Exhaustible, nonrenewable 



Fossil Fuels , minerals, and soil are examples of this type of fund resource. 









Wind is an example of a ____________ flow resource. 




(they are exhaustible,renewable fund resources) 





Forests, fish and wildlife populations are exhaustible, renewable flow resources. 




Malthusian doctrine 

1. resources can support in production of food only at an arithmetic rate (2,4,6,8).


2. population grows geometrically (2,4,8,16)


3. 1 & 2 catastrophe- population growth will be kept in check by limited food supplies (resource availability) at subsistence levels of living-have famine, disease, strife


Fundamental points of which doctrine? 



 1) increase in capital, technology, and productivity, allowed for more production of food


2) resource discovery


3) resource substitution


4) demographic transition 






What are the four things Malthus failed to consider?  




Neoclassical/human capital perspective 



Which scarcity philosophy emphasized the importance of capital in the production process, and said that capital investment can be substituted for limited resources and production can be increased or maintained? 






(the Materials Balance Approach says this) 



True or False 

The Malthusian doctrine stated that we must maintain a healthy environment, conserve and manage resources carefully, in order to ensure continued economic health and high quality of life. 




 1) physical supply

2) economic supply

3) cost

4) price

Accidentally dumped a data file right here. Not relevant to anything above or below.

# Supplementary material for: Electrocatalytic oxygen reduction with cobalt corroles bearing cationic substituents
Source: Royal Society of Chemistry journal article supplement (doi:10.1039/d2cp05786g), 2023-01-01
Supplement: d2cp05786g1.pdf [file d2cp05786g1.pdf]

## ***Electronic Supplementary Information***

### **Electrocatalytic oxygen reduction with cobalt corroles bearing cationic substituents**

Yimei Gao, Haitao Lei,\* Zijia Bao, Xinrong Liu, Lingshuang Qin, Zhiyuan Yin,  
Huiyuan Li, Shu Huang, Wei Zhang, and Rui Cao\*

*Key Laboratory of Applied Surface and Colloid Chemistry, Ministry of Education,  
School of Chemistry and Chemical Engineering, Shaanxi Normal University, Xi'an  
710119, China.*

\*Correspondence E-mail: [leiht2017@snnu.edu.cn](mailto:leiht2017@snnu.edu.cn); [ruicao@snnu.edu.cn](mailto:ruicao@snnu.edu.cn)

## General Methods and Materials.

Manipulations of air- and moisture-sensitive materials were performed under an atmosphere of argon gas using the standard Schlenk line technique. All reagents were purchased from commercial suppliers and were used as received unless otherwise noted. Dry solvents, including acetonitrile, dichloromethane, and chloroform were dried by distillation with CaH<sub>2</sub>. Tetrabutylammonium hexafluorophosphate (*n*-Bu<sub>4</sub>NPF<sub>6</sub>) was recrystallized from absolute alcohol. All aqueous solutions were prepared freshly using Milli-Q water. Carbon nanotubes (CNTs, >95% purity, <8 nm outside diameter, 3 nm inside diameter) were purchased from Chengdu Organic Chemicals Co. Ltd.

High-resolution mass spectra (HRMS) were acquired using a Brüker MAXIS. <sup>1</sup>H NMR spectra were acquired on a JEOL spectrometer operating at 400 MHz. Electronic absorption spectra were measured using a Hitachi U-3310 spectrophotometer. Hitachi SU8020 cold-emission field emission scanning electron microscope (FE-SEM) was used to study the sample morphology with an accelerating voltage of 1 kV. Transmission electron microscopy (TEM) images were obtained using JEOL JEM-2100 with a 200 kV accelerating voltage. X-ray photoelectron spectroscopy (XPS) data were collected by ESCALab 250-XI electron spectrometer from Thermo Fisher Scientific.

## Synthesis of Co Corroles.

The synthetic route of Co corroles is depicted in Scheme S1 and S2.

5) rent 



What are the 5 available options for measuring resource scarcity? 





Physical Supply 






Which measure of scarcity may be too optimistic since some supplies may never be economical to use? 





Economic Supply 



This measure of scarcity refers to reserves (as opposed to resources) and may be too pessimistic because of uncertain changes in price, technology, information, etc.









True or False


As scarcity increases, price increases. 

 1) Speculation based on false information


2) may be distorted by inflation


3) government intervention into markets


4) manipulation of prices through imperfect comp.


5) political uncertainty


6) measurement error 





Give two reasons why price may be a misleading indicator of scarcity. 









As scarcity increases, cost _____________. 



1) Technology


2) Government Intervention


3) Measurement Error 




Give three reasons why cost may be a misleading indicator of scarcity. 





David Ricardo 




Who introduced the concept of land rent? 










What is the equation used to find land rent? 






(increase in LR, means it would be becoming more scarce)



True or False


An increase in Land Rent on high quality land implies that high quality land is becoming less scarce. 




Royalty= Price – Extraction Cost 





What equation is used to find the value of a mineral resource in the ground (aka-royalty)? 





Von Thunen Model 





What model attempts to explain location decisions and patterns based on differences in land rents? 

1) increases in output price


2) decreases in costs of production


3) improved supply information


4) technological innovations


5) improvements in accessibility


6) government subsidies 





What are some things that might cause the economic supply of a resource to increase?